Tuesday, January 17, 2012

As God Sees

 The gospel story of hungry disciples plucking grain to eat, to eat on the Sabbath, a day that they just happened to be out of food, and the parallel story of David seeking out the high priest to feed himself and companions is a reminder to put Christ, ultimate truth, goodness and beauty at the forefront of our lives and keep law in perspective.  

Christ, telling the story of David, reminds his legalistic detractors that they do not know their own tradition.  As happens time and again, Jesus is on the defensive from people who are scandalised by what they see. 
Why?  Because what they see is outside of their experience.  And simply, they do no see as God sees.  They lack appreciation for truth, goodness and beauty.
 Having grown up in Vancouver, I was 22 years old the first time I encountered a Catholic Priest in a T-Shirt.  And, because this was new to me, I presumed he was somehow hypocritical or unholy.    
I later realised it was wrong of me to judge Fr. Jim as I did, but hey I am merely a mortal.  As 1 Samuel says I/we only see as mortals see.
We tend to see what outwardly appears; we tend not to see the truth, goodness, and beauty of the heart.  Because of this tendency within us, our compulsion to assess by what we see, we risk getting caught up in a game. 
We may, for good reason or not, feel the need to keep up appearances.  And that may not be a bad thing, so long as we never lose sight of the fact that God sees through us. 
The source of what He sees, the light of Truth, Goodness, and Beauty that we reflect, God is concerned with what matters; God assesses the heart. 
So what does my heart look like?
 This question is problematic because we are, arguably, the worst judges of ourselves.  But if we believe that God is faithful to those God loves, and that the Lord truly loves His own, we can rest assured that before God, anyway, each and every heart is honest, good, and beautiful. 

Tuesday, January 10, 2012

We are rich in Grace as well as Sin

Money, Sex, Power: Because It Is So Intriguing

It is high time I publish something other than a homily.  So let it be done – my musings on sin and the conflict between faith and fear.  

Conservatism is a crippling ideology.   Rooted in, based on, and perpetuated by fear, conservatism is a paranoia of the unknown.  Given its anti-gospel nature, conservatism should not exist within believers of a Good and mysterious God.  And yet the inordinate urge to preserve, maintain, and posses, so often dominates our church.  So why do we hate freedom?  Is our faith imperfect?  In reality, we love freedom but are afraid to exercise it.  And yes, our faith is imperfect.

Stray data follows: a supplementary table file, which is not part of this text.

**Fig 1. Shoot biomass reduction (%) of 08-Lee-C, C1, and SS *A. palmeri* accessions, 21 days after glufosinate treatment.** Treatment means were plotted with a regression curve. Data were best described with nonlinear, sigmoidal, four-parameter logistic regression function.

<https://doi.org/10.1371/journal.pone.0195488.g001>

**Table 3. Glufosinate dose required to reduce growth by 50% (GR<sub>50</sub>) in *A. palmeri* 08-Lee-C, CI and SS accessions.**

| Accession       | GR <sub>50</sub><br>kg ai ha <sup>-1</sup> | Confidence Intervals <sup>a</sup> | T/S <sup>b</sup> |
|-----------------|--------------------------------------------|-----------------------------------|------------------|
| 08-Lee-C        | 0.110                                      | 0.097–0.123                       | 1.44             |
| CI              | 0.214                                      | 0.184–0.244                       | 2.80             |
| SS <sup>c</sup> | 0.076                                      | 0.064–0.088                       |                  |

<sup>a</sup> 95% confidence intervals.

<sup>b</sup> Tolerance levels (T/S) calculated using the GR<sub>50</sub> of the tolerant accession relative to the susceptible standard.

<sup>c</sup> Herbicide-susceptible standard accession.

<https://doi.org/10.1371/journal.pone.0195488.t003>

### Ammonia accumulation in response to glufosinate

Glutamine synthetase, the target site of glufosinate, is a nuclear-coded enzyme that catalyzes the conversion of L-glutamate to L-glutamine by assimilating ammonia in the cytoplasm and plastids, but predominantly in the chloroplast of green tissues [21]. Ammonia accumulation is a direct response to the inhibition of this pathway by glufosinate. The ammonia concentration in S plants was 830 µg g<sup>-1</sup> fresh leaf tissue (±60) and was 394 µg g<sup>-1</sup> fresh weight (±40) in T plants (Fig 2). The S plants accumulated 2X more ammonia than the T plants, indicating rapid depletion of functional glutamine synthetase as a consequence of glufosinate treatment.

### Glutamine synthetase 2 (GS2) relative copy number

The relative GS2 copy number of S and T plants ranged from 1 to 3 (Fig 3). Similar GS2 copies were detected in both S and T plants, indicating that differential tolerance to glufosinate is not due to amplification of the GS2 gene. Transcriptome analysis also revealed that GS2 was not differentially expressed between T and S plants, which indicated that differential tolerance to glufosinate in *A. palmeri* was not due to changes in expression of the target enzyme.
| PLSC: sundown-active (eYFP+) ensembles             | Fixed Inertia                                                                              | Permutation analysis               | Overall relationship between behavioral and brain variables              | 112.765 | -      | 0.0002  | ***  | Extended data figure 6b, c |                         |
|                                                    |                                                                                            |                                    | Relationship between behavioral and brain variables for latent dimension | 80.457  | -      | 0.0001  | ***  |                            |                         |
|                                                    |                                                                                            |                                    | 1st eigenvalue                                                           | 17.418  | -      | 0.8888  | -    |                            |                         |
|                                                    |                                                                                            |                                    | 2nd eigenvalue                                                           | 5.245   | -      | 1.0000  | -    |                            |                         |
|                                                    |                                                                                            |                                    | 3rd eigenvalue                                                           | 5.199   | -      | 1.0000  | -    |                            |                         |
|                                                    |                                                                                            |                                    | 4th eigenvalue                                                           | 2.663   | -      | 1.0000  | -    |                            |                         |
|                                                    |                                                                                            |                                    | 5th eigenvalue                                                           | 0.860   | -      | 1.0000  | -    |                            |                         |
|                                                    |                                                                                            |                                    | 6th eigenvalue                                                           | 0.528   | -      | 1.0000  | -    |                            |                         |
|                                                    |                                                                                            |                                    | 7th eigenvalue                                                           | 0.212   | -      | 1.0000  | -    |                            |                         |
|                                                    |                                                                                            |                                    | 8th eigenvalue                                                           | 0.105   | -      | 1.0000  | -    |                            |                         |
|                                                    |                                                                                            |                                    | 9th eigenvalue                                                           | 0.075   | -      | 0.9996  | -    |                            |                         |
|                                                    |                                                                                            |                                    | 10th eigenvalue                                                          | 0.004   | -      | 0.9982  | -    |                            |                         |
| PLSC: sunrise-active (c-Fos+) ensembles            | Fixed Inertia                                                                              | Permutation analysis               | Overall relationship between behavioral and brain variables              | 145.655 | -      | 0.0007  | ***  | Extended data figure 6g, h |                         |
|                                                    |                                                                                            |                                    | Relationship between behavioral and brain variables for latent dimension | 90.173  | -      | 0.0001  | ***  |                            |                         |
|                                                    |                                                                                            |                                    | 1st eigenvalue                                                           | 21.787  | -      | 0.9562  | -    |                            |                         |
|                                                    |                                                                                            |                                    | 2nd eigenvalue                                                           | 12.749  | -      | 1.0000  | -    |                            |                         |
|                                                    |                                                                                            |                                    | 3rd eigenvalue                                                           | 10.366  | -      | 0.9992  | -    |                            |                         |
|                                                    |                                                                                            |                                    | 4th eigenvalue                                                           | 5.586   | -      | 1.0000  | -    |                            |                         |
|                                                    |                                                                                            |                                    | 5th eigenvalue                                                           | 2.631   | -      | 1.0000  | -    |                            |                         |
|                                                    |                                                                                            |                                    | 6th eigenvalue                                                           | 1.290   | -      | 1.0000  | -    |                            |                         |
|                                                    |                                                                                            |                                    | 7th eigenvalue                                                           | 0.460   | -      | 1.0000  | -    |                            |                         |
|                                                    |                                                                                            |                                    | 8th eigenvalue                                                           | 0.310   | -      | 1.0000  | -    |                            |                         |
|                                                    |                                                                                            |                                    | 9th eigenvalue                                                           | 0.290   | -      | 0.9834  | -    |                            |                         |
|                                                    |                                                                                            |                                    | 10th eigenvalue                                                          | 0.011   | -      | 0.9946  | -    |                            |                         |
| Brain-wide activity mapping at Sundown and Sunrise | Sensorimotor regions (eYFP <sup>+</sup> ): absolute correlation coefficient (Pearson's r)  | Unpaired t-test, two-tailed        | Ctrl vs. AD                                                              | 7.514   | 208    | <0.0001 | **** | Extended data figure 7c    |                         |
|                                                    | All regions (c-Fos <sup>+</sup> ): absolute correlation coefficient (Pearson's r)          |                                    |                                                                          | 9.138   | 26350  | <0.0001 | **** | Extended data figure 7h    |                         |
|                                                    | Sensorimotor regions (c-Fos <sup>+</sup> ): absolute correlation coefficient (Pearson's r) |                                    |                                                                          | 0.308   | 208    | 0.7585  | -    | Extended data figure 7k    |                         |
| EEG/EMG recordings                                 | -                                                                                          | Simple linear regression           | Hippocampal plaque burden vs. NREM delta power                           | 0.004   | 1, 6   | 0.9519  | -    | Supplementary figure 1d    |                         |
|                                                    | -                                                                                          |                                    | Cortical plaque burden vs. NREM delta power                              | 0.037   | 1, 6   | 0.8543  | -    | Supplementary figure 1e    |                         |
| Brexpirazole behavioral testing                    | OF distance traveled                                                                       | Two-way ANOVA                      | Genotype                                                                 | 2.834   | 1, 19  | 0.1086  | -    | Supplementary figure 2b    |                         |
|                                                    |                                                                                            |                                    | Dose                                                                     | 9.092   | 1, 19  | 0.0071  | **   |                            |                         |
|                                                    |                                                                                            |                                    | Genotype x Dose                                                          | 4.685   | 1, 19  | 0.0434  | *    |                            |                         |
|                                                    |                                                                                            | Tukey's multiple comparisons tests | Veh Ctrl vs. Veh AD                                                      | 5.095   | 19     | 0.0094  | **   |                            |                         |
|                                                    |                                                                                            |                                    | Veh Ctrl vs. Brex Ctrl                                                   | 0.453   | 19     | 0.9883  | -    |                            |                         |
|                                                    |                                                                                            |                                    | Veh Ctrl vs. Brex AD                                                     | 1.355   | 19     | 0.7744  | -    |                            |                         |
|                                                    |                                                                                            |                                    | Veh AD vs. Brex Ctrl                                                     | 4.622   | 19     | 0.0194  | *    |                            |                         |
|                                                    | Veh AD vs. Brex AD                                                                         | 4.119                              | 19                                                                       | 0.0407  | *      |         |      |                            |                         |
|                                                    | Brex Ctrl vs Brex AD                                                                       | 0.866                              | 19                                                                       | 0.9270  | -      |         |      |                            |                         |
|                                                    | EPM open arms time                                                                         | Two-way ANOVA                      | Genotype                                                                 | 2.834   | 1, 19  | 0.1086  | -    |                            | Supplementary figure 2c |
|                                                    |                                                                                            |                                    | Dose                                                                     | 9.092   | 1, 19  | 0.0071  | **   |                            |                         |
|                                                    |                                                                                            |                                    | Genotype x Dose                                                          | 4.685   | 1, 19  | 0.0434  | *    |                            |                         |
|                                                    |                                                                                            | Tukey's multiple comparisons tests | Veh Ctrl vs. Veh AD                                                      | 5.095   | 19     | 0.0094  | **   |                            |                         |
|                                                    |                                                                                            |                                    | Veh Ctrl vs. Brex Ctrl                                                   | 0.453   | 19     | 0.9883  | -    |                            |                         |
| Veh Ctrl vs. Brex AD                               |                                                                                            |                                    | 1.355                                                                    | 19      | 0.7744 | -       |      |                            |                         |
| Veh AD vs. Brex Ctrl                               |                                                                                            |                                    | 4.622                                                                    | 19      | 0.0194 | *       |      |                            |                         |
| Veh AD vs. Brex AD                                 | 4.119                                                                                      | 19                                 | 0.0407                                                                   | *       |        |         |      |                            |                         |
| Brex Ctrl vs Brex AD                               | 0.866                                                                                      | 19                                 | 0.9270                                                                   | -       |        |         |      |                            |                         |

In Christianity, the essence of God is made known by God’s Word (Jesus Christ is the revelation of God as Love), but the revealed facts about God only lead to more mystery.  What is love?  And why would anyone believe in such?   The answer is faith, but our faith is imperfect.

When I reflect on the core of my faith as it challenges the human condition, some usual themes -the want for stability, security, certainty, and the affirmation of self-worth- consistently appear.  Perhaps these are my own issues, I am willing to concede that, but evidently I am not the only one.  

Recently I read a stellar book, Render to Rome: The Secret Life of Money in the Catholic Church, by Jason Berry.  Extremely well researched, Berry exposes the sins of an institution plagued by conservatism.  In fairness to Berry, he never uses the C word; his issue, not mine, is with an all male hierarchy.
Scandal rocks the church.

Legitimized cults, in my view, the Legionaries of Christ and the Society of St. John, Religious communities whose sins (re: money, sex, and power) have been exposed in recent years were enabled by the conservatism God's people.  Fear, the great enabler, has empowered the poisoned.  The poor in the pews, those longing for stability, certainty, and an affirmation of their quaint images of God , church, world and themselves, have allowed con-artists like Maciel Degollato, Carlos Urrutigoity and Angelo Sodano to use and abuse.  And for doing so, the people of God must account.  

Fear is in everyone, Christians are not immune, such feelings make us vulnerable.  When all we want to hear is what we already believe, we are easily duped.  We are told what we want to hear, and believe because we, the ignorant, have been affirmed.  This, a capitalising on vulnerabilities of frightened, naive and needy, etc, is abuse.  

Conservatism enables abusers (consider the behaviour of unregulated banks –enabled by conservative ideology).  In light of church scandals exposed by people like Jason Berry and Catholic media (see. National Catholic Reporter), it is fair to say that we, the frightened and therefore conservative people of God, have been abused, while we too have enabled.   For the latter, we must account!   

It is not easy to be free; to own (be responsible for) the church to which we belong, but it is our vocation.  As people of God, it is our duty to question authority and offer ourselves in service of Christ’s true mission.  In baptism we are anointed priest, prophet, king, and become sharers in the ministry of God Himself.  The task, therefore, of preaching the gospel is not reserved for the ordained but belongs to all baptised.  So let’s proclaim it!  We, the people of God, must account for our sins (for enabling abusers of money, sex and power).  We can defeat fear and embrace faith.  Like Christ, we will learn to liberate instead of conserve.  Or will we?   I am not so sure; my faith is imperfect.